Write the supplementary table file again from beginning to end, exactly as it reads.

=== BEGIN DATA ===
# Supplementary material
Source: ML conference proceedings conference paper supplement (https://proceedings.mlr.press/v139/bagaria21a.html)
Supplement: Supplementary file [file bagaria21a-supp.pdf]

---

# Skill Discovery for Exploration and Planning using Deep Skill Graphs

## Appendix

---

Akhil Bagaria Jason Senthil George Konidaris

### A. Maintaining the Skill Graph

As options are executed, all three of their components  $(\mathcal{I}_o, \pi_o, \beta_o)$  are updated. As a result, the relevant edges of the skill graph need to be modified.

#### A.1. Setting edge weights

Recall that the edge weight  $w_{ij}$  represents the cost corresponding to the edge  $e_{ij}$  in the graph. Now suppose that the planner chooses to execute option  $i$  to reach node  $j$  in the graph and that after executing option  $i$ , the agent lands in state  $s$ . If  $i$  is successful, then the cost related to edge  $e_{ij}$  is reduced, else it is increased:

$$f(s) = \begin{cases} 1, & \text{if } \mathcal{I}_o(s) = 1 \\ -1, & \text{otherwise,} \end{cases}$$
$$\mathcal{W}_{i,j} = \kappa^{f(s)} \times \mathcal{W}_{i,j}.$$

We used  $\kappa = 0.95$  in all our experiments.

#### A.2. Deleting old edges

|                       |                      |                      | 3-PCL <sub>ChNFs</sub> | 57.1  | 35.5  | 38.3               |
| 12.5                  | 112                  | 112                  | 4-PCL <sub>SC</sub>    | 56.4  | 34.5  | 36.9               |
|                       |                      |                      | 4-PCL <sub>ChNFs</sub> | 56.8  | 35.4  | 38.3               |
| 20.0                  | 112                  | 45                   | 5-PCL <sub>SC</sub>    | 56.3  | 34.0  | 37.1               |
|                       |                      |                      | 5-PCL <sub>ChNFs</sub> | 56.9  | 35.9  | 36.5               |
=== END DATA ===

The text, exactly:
# Supplementary material
Source: ML conference proceedings conference paper supplement (https://proceedings.mlr.press/v139/bagaria21a.html)
Supplement: Supplementary file [file bagaria21a-supp.pdf]

---

# Skill Discovery for Exploration and Planning using Deep Skill Graphs

## Appendix

---

Akhil Bagaria Jason Senthil George Konidaris

### A. Maintaining the Skill Graph

As options are executed, all three of their components  $(\mathcal{I}_o, \pi_o, \beta_o)$  are updated. As a result, the relevant edges of the skill graph need to be modified.

#### A.1. Setting edge weights

Recall that the edge weight  $w_{ij}$  represents the cost corresponding to the edge  $e_{ij}$  in the graph. Now suppose that the planner chooses to execute option  $i$  to reach node  $j$  in the graph and that after executing option  $i$ , the agent lands in state  $s$ . If  $i$  is successful, then the cost related to edge  $e_{ij}$  is reduced, else it is increased:

$$f(s) = \begin{cases} 1, & \text{if } \mathcal{I}_o(s) = 1 \\ -1, & \text{otherwise,} \end{cases}$$
$$\mathcal{W}_{i,j} = \kappa^{f(s)} \times \mathcal{W}_{i,j}.$$

We used  $\kappa = 0.95$  in all our experiments.

#### A.2. Deleting old edges

|                       |                      |                      | 3-PCL <sub>ChNFs</sub> | 57.1  | 35.5  | 38.3               |
| 12.5                  | 112                  | 112                  | 4-PCL <sub>SC</sub>    | 56.4  | 34.5  | 36.9               |
|                       |                      |                      | 4-PCL <sub>ChNFs</sub> | 56.8  | 35.4  | 38.3               |
| 20.0                  | 112                  | 45                   | 5-PCL <sub>SC</sub>    | 56.3  | 34.0  | 37.1               |
|                       |                      |                      | 5-PCL <sub>ChNFs</sub> | 56.9  | 35.9  | 36.5               |